Me with a glass of rebujito, and a woman dancing Sevillanas in the background!
Rebujito and pimientos: Rebujito is the traditional feria drink, composed of Sprite and Vino Fino (a type of Sherry wine). It is really refreshing, especially on hot days, and I think people rightly warn of the need to take caution with this drink because the Sherry’s strong punch is well hidden behind the Sprite!
Pimientos, or green peppers fried in olive oil, are traditional feria food. I loved them, especially because they were like a little taste of Mexican food to me, and we have been sorely deprived of good Mexican food here!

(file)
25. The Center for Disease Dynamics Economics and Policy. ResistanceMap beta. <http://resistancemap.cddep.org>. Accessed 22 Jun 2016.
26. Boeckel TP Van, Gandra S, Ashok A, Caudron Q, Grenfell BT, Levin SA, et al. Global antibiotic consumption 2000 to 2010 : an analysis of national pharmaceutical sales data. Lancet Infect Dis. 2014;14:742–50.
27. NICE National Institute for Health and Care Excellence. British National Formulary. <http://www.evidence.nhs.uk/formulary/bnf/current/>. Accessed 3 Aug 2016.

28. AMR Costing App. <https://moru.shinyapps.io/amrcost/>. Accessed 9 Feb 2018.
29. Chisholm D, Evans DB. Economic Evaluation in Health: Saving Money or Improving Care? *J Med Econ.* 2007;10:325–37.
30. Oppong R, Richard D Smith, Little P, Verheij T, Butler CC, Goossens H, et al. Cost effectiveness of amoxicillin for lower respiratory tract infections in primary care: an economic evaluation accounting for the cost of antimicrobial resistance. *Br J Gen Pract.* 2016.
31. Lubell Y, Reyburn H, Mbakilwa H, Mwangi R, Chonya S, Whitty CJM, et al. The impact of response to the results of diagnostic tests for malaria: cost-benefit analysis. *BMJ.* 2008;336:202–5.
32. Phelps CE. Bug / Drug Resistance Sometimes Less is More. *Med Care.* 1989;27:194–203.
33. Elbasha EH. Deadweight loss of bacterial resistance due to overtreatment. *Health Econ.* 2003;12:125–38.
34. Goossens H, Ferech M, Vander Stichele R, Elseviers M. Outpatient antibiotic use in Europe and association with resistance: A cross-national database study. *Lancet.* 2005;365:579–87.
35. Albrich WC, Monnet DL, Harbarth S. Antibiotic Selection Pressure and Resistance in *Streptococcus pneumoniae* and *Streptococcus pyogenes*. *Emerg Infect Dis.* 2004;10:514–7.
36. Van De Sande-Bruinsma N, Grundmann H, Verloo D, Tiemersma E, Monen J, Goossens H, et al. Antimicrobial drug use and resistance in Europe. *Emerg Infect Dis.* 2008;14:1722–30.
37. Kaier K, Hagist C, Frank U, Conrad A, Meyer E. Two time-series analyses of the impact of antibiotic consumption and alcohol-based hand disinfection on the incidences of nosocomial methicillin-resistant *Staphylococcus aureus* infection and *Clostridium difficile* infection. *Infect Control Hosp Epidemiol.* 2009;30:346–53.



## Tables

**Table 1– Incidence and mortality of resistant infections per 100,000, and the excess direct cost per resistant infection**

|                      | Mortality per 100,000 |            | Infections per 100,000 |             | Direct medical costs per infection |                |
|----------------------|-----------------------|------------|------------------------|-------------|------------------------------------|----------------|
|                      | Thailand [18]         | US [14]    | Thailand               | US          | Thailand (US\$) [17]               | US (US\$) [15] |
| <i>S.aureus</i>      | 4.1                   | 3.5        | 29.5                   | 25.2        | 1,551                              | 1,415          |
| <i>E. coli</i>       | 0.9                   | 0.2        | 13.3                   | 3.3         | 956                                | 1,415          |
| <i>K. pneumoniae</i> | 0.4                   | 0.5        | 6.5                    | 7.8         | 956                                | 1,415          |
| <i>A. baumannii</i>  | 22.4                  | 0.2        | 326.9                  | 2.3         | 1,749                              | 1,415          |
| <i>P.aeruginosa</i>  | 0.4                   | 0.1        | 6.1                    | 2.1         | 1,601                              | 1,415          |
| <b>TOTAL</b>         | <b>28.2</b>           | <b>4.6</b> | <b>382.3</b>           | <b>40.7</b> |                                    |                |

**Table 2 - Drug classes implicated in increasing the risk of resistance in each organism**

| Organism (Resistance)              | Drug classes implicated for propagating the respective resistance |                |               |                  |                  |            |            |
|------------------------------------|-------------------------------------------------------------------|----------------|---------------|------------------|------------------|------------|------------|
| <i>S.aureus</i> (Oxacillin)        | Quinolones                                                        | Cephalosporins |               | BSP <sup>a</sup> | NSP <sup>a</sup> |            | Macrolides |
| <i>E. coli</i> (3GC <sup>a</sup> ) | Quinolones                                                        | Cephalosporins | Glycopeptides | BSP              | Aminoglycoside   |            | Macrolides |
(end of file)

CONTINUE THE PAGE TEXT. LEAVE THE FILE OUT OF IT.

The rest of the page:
Interestingly, though everyone I talked to loves rebujito and pimientos, they don’t drink or eat them outside of the ferias. I suppose this is akin to our only eating pumpkin pie at Thanksgiving. There’s something about reserving it for a special occasion that makes the food even more special.
Ta-da! My outsider’s guide to ferias.
If you have any questions about these unique traditions, ask away and I’ll do my best to answer (or consult Wikipedia)!